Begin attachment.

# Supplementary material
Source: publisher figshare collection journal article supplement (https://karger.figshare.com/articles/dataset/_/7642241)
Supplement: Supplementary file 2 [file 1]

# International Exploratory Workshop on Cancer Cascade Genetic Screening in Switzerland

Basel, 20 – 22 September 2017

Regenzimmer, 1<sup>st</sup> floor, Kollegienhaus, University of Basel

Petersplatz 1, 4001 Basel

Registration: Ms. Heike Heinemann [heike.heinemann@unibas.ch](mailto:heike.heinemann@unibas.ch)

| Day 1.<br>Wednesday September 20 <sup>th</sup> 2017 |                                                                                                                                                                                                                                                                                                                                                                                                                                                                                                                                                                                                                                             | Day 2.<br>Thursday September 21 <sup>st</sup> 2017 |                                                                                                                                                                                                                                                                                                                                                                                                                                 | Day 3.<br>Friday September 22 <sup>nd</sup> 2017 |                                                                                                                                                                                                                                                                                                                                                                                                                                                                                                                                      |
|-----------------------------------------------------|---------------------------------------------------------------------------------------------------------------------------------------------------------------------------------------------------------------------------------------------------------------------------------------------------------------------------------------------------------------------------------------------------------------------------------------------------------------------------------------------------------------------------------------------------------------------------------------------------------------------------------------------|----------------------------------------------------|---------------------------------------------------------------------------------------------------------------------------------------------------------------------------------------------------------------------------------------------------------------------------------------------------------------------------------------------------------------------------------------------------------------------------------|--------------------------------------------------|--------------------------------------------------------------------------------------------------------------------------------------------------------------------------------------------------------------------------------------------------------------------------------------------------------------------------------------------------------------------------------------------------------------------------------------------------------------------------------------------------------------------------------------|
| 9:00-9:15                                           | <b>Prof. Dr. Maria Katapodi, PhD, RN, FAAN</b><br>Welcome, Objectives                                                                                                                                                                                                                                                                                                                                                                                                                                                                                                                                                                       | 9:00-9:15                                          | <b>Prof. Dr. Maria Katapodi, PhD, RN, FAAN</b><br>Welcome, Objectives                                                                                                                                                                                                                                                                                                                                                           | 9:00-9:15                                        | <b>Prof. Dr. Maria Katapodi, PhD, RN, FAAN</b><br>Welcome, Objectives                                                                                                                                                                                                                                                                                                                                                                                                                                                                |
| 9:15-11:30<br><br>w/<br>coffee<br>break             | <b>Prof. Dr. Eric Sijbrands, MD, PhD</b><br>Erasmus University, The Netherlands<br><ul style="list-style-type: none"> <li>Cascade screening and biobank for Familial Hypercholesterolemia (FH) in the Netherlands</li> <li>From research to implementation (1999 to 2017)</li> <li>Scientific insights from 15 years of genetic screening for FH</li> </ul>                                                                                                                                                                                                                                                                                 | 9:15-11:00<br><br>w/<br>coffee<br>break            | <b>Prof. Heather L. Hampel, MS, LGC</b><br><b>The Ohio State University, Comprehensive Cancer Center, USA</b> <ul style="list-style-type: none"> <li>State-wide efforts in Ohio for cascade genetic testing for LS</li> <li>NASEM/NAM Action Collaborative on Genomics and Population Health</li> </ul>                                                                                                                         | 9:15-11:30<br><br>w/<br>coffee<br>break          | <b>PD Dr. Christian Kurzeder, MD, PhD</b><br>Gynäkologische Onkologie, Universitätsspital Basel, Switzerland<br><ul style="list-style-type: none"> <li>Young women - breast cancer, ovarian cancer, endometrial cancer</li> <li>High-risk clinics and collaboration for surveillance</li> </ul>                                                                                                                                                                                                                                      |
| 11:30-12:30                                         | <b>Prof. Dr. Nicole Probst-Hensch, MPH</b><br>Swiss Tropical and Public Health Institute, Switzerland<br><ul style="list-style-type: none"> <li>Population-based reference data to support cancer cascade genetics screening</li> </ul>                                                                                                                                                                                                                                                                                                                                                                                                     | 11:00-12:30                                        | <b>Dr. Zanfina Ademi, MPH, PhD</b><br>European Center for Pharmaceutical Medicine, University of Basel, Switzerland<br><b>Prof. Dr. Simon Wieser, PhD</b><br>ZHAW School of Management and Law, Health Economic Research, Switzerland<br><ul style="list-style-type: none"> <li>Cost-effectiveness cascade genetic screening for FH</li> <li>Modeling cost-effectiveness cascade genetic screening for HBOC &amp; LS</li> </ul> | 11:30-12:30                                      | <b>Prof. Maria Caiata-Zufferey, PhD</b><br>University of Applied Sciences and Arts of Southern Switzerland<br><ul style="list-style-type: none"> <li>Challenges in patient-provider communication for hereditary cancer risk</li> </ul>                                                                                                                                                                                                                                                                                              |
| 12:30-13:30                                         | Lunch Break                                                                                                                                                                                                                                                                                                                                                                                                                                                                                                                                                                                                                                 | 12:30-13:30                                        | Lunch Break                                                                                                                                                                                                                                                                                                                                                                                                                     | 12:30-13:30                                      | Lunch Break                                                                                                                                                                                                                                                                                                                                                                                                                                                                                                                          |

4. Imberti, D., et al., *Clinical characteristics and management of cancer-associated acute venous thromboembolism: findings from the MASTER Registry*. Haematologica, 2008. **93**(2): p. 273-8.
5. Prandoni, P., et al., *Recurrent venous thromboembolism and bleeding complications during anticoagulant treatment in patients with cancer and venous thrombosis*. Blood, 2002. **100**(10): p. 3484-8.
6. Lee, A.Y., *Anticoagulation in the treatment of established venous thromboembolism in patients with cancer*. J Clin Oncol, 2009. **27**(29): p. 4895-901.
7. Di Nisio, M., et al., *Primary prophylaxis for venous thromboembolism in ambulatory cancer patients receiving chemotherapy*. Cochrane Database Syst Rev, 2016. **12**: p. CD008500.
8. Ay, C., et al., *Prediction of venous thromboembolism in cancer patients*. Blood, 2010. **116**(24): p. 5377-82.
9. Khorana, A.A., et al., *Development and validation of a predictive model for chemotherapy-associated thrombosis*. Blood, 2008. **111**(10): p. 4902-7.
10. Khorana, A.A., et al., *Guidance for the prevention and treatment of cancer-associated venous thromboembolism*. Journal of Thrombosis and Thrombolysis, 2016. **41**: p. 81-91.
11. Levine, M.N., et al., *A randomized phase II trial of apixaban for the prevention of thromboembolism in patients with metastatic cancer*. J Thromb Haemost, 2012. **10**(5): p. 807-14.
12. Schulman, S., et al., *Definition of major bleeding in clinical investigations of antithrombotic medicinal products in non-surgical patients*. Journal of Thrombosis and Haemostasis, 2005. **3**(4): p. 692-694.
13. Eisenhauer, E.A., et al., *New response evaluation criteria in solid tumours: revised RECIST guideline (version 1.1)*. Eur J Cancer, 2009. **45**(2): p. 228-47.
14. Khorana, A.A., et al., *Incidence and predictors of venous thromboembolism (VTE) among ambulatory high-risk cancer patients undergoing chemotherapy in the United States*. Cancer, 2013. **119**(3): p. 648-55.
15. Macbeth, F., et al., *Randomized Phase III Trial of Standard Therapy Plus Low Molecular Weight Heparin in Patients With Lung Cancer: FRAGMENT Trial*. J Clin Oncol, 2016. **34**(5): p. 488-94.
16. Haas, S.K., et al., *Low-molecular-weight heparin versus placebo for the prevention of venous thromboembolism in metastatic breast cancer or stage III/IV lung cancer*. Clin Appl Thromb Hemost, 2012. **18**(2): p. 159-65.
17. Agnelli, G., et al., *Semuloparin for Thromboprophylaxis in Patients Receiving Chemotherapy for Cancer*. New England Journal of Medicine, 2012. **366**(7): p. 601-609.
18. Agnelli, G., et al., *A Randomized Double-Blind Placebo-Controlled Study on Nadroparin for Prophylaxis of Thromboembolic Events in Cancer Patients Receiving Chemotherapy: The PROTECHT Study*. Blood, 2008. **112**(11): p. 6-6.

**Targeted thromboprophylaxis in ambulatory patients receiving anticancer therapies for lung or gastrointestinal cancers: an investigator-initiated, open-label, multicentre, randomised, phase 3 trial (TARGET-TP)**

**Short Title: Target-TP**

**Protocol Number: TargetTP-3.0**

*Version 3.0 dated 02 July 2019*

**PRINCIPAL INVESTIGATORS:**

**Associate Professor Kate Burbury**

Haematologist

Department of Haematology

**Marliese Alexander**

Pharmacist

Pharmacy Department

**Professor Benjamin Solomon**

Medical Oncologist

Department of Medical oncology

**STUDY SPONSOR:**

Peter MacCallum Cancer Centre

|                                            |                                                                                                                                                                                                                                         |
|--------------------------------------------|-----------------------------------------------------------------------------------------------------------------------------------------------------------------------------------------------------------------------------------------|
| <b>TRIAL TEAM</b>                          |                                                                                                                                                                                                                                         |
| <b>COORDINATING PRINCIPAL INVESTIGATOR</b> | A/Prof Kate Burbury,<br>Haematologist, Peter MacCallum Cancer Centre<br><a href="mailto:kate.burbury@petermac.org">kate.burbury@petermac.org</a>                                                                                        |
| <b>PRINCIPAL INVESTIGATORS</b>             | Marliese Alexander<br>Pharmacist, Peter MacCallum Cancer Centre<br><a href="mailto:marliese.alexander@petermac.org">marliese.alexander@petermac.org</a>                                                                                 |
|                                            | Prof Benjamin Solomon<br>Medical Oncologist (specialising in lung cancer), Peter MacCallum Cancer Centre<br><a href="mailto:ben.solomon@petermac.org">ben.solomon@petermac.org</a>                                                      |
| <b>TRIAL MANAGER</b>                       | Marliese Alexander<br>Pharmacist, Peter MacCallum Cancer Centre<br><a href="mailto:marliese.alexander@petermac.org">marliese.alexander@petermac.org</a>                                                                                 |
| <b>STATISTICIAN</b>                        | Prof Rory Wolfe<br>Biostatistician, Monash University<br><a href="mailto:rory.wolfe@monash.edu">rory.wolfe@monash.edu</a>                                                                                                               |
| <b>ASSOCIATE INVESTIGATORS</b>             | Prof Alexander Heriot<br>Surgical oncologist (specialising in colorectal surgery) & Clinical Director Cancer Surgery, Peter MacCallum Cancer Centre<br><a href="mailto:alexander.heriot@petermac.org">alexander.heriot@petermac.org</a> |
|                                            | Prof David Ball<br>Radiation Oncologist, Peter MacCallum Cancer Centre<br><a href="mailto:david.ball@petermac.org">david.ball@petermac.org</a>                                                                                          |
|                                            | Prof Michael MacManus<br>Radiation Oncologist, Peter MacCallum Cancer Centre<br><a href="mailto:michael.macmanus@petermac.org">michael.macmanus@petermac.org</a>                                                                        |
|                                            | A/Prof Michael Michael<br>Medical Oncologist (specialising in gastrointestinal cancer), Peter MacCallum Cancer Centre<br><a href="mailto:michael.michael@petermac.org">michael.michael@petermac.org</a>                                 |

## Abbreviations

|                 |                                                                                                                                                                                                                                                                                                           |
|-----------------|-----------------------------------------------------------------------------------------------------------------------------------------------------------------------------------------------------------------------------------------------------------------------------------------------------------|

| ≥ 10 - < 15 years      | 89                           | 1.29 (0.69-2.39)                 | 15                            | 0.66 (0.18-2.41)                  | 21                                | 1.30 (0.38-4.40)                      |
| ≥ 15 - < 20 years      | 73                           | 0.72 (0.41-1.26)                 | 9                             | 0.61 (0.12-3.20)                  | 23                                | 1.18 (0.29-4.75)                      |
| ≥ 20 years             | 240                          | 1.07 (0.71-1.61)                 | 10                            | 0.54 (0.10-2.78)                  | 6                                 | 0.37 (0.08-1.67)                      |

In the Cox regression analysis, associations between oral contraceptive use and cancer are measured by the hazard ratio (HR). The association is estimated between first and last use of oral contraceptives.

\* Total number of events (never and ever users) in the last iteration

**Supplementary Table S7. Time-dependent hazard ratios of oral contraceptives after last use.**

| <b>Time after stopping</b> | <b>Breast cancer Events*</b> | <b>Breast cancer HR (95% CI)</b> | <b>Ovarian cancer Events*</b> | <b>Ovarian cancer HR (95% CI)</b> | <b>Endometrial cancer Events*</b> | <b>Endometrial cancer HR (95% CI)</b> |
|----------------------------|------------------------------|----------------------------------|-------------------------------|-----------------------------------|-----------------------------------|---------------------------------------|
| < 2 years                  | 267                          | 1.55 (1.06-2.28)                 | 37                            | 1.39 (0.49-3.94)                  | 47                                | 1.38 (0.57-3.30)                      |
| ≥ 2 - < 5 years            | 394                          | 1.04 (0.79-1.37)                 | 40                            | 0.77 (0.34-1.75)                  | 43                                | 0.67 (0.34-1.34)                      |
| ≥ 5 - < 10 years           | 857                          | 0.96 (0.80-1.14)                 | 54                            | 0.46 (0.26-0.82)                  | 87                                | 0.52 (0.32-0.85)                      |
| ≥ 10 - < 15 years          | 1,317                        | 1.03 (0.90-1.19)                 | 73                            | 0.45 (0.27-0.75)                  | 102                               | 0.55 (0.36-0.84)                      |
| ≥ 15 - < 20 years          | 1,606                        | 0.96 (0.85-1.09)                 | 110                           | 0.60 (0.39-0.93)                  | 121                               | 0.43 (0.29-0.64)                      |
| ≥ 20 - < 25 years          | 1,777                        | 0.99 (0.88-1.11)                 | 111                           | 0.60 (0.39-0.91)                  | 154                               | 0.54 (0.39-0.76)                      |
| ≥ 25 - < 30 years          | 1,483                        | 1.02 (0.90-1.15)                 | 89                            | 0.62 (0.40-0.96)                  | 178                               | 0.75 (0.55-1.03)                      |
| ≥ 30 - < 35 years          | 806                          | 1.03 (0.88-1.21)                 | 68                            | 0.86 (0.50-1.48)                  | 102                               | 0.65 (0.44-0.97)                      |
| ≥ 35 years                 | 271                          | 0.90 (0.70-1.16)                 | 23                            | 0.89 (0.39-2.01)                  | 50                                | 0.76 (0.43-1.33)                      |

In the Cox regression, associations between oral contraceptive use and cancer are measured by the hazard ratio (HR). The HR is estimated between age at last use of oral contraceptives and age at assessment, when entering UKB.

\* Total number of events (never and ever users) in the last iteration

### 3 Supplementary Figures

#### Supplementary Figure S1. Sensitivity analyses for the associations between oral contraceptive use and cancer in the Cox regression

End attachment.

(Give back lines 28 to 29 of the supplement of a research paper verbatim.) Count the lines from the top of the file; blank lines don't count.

17. Agnelli, G., et al., *Semuloparin for Thromboprophylaxis in Patients Receiving Chemotherapy for Cancer*. New England Journal of Medicine, 2012. **366**(7): p. 601-609.
18. Agnelli, G., et al., *A Randomized Double-Blind Placebo-Controlled Study on Nadroparin for Prophylaxis of Thromboembolic Events in Cancer Patients Receiving Chemotherapy: The PROTECHT Study*. Blood, 2008. **112**(11): p. 6-6.